RELICS OF EMILY GEIGER

"How do you do" in the serene gentle voice of a direct descendant of Emily Geiger, as we were we1comed into her sitting room. It was late afternoon and the f1attering 1ight of an April sun filtered through the curtained windows. We had called in person to have the privilege, which we wish all true southerners could have, of seeing and hearing about the relics of Emily Geiger, the famous southern gir1 who played such an important part in South Carolina's history.

Everything in this quiet little sitting room was in complete harmony with the feeling of anticipation and pleasure which we were to experience.  Mrs. Patrick, our hostess, whose husband is a direct descendent of Emily Geiger, brought out a large box, evidently made of iron or some metal, and fastened with a strong heavy lock. We could hardly wait for a glimpse of the treasured memoirs. (The musty odor which escaped as the box was opened, made us feel indeed that we had found a treasure chest.)

The first thing we saw was a map of South Carolina, showing the route followed by Emily Geiger in taking her precious message from General Green to General Sumpter. This map was sketched by one of Emily's descendants.

Then we were shown the original wedding invitation. How quaint and interesting it was with the musty perfume of romance still c1inging to its yellowed page. The invitation was written on plain paper about the size of ordinary tablet paper and the handwriting was very quaint and old fashioned. An exact copy of the invitation is given below:

"Major Geiger and family request the honor of your presence at the marriage of their kinsman, Emily Geiger, John Threewitts, October eighteenth Y.L. seventeen hundred eighty nine at six O'clock p.m."

Our hostess explained that once a small bunch of flowers had adorned the invitation, but that the ravages of time had left nothing but the imprint of flowers and pin.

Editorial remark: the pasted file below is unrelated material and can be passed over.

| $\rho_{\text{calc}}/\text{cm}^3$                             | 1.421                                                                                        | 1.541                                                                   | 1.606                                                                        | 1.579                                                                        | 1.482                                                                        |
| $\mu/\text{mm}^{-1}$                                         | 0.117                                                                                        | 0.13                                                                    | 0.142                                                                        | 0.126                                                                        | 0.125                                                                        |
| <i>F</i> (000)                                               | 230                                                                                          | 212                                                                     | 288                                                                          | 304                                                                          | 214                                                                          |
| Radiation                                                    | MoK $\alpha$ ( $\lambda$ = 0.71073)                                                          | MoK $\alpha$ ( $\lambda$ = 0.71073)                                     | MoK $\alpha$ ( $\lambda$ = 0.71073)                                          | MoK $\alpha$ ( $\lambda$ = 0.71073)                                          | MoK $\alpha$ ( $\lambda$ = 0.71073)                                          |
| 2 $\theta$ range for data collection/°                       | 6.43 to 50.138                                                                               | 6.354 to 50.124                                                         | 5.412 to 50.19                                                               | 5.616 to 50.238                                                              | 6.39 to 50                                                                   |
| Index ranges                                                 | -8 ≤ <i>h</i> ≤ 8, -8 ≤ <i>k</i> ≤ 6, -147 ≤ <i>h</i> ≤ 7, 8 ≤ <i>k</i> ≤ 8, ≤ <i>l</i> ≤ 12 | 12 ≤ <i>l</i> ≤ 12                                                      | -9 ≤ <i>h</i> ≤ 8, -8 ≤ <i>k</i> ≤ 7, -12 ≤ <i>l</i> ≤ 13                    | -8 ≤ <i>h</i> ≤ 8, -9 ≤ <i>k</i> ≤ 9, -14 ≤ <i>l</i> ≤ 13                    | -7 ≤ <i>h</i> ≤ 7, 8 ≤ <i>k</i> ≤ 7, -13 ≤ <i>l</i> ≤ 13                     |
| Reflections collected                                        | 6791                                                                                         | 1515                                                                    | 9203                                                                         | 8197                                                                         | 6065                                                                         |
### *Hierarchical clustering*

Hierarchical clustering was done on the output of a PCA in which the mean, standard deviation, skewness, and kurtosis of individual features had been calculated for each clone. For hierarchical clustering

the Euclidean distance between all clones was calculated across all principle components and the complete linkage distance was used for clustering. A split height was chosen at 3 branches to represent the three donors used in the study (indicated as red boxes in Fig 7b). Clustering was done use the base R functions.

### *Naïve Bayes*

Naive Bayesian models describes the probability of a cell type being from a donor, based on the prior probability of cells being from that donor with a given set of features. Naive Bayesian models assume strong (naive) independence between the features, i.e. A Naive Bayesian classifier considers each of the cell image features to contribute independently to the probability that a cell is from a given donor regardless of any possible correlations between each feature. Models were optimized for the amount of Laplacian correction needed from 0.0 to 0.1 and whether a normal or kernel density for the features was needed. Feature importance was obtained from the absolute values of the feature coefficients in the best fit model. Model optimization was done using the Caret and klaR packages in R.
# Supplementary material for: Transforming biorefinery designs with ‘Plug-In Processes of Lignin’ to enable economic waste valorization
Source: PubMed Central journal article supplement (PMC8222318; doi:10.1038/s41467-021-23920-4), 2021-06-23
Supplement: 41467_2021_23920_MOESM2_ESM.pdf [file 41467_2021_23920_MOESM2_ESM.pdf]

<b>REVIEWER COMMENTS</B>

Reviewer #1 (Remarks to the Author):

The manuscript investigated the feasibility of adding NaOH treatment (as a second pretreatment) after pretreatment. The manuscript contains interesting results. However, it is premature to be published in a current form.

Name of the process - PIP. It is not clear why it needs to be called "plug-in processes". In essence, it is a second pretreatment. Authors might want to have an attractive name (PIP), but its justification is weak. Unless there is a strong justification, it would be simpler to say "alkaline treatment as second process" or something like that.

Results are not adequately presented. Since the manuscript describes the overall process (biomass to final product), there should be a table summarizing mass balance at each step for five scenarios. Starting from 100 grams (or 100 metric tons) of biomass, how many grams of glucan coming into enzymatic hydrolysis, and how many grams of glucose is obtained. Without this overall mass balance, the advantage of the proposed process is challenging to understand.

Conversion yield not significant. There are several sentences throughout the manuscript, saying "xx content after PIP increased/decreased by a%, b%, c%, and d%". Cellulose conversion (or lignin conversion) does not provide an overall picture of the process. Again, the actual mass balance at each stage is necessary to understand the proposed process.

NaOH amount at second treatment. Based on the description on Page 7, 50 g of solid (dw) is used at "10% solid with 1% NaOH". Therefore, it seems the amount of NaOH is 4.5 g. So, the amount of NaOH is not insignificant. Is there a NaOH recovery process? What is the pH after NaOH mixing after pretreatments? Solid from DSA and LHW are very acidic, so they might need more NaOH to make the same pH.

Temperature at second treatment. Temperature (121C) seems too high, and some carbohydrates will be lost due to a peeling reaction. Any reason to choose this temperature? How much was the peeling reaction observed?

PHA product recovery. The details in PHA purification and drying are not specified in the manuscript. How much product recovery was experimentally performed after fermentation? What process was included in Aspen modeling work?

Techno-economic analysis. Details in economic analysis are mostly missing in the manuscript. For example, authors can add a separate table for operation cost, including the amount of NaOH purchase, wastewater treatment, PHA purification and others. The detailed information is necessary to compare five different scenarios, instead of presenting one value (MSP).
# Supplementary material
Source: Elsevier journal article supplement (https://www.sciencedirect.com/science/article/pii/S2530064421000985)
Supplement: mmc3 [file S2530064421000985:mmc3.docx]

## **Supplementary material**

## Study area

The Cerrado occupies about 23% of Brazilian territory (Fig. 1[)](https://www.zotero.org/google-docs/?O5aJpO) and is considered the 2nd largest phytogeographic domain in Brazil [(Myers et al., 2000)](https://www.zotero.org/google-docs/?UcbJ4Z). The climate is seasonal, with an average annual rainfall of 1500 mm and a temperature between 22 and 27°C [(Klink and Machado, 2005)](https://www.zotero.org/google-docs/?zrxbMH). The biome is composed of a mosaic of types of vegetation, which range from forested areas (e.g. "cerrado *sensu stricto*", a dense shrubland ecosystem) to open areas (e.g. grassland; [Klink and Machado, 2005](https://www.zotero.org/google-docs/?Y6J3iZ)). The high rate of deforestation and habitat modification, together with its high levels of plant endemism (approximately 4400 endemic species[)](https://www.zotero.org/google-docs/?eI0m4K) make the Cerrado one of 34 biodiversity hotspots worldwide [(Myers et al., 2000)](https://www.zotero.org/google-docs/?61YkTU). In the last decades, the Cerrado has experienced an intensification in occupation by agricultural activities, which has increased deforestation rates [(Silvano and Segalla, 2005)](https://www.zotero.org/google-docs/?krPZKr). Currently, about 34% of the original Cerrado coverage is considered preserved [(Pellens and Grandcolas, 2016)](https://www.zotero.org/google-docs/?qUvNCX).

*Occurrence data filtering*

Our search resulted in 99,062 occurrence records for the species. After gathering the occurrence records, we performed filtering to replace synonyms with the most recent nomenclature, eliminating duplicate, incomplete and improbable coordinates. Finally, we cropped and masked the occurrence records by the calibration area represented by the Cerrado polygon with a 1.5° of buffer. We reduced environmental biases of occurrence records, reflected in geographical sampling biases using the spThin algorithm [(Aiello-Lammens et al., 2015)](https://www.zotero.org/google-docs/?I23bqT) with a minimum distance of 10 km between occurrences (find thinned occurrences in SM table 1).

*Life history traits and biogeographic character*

We next saw her wedding veil. The exquisiteness and filmy gossamer texture was sufficient proof of her noble ancestry and breeding. The veil is about one and a quarter yards in length and about one-half yard wide. This bit of historic lace is enchantingly beautiful made up of misty silk net, one end with beguiling little dots, the other a veritable maze of all-over lace.

Among the relics is a beautiful shawl, which was worn by Emily Geiger to the ball in Charleston given in Lafayette's honor seventy five years after the war. Emily Geiger Threewitts was an honored guest as the most distinguished heroine of the revolutionary war. The shawl is in almost perfect condition, being worn only where folded. It is made of beautiful taffeta with a Dresden motif which furnishes the keynote of decoration. A silk fringe about eight inches borders the shawl and brings out more distinctly the leaves which are tinted in pastel shades.

A dashing little miniature of Emily's mother was shown us, the most adorable southern girl you could picture. A small delicate gold frame, which reminded you of lace? Surrounded the miniature and completed its quaint old fashioned look.

One of the most interesting and unique relics is the set of jewels presented by General Greene to Emily on her wedding morning. This set consists of two brooches and one earring. The other earring was probably lost or misplaced. Real plaited hair forms the rectangular contour of one brooch, which is surrounded by a delicate lace of gold edge and filled in with bits of real jet. The earring matches the brooch. The other brooch is a portrait of Lafayette as a young boy, which is set in an oval frame.

We were shown the very pencil which General Greene used in writing the note to General Sumter and which was presented to Emily. This mission of course made Emily famous.

Last, but of great importance, was her combination writing desk and work basket. This was a handsome ebony box and we were once more impressed by the good taste of our heroine. The top is particularly beautiful, having a flower-basket design, inlaid with beautiful pearl in colors quiet and harmonious. A glimpse on the inside gave us an intimate expression of her personal qualities, because her thread, needles, gold thimble, paper container and gold pencil were so carefully arranged, just as if Emily had closed the lid yesterday. These relics are valuable heirlooms and our hostess told us that she had been offered large sums for their possession, but she still retains them and takes excellent care of the collection.

A great treat lies in store for anyone wishing to view these heirlooms and have a little visit with this dear gentlewoman of the south. This privilege has given us a greater appreciation of this South Carolina heroine, Emily Geiger.

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paper prepared by Miss Lilla Babb? And Mrs. O.W. Watson and read before the Raphael Art Club.

Published in "The Bamberg Herald" November 26, 1931

Copied from papers of Mrs. Florence Ott Geiger by Sara Texas (Geiger) Geiger March 16, 1965.

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